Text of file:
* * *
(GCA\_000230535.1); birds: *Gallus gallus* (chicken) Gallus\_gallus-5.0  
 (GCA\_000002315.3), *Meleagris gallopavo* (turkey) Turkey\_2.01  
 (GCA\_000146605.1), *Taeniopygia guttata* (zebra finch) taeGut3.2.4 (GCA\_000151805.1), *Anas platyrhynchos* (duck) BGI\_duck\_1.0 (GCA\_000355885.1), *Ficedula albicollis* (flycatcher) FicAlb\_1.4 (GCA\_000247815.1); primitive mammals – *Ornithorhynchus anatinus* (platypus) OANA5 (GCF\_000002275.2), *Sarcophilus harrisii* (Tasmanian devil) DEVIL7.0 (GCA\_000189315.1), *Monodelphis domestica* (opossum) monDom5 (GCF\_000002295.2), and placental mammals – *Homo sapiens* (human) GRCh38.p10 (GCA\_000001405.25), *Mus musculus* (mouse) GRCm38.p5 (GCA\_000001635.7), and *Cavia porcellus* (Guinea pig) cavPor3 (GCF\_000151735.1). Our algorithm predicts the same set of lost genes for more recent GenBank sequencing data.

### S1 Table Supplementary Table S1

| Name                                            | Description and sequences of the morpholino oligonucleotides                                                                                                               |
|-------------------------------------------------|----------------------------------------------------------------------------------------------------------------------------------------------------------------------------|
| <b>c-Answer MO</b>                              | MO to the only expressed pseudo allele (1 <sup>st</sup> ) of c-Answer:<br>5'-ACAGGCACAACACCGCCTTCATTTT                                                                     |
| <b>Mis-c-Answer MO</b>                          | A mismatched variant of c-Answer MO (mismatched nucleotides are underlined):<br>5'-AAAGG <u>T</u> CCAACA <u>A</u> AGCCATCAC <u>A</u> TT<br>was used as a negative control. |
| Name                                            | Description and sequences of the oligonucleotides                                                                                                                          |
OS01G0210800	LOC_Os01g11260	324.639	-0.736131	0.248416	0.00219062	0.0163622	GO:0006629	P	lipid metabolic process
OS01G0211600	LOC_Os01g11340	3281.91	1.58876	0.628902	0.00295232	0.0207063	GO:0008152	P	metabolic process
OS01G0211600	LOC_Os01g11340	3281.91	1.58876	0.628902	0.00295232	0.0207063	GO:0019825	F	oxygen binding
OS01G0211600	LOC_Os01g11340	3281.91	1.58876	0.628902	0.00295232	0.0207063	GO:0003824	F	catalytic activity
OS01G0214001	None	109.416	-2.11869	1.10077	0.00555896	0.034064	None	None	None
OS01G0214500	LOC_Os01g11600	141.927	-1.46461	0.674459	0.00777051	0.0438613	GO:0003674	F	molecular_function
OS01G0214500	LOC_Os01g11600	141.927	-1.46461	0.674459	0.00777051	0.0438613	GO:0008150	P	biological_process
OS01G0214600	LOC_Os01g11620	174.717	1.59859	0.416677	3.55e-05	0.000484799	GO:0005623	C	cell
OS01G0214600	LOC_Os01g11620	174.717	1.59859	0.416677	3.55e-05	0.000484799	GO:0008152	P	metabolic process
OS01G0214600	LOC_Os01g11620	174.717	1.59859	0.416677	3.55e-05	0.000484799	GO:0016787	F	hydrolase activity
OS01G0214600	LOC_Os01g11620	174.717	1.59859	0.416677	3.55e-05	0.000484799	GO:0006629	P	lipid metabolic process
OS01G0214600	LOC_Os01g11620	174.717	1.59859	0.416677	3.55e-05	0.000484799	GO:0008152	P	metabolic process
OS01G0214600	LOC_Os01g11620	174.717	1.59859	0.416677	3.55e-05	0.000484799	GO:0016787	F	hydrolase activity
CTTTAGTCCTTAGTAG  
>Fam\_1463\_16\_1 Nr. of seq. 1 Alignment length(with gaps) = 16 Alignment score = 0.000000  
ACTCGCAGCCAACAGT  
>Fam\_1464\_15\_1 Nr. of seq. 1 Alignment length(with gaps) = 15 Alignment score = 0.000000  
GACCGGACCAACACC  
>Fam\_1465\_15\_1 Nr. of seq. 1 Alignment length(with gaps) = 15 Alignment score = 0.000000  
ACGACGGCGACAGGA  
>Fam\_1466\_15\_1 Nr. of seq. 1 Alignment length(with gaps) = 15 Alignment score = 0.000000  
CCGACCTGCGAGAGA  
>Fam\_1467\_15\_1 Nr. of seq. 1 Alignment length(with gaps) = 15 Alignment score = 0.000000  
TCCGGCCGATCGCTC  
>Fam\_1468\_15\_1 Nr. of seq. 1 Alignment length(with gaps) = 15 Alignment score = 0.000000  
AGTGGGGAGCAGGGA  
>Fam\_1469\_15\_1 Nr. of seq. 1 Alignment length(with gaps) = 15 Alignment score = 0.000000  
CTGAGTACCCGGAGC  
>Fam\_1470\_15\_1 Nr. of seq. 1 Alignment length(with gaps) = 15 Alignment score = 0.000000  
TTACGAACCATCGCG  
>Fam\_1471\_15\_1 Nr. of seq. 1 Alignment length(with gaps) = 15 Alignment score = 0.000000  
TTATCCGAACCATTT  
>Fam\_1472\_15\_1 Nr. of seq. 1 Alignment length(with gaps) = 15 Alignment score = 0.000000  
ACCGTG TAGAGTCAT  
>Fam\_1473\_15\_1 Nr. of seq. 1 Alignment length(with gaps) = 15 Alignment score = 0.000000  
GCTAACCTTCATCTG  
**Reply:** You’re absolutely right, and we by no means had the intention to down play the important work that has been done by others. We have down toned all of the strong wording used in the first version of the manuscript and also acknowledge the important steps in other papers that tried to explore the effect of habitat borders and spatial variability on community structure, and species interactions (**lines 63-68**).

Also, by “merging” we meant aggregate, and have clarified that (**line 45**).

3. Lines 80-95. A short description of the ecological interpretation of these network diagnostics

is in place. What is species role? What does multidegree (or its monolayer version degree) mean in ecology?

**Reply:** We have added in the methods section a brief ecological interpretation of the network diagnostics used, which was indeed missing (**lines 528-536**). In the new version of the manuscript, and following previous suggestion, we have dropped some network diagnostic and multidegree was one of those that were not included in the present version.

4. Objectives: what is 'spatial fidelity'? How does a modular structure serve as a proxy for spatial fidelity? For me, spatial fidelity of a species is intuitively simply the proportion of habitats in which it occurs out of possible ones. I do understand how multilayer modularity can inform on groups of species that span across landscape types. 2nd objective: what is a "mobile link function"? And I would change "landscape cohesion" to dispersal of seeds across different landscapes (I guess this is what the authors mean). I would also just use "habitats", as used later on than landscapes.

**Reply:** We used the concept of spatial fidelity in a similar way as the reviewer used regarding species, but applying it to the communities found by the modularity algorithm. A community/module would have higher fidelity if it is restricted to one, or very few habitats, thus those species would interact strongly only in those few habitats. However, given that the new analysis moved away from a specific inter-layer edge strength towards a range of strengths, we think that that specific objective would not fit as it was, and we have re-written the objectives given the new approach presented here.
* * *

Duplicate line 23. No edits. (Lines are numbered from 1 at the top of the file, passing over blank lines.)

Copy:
CTTTAGTCCTTAGTAG  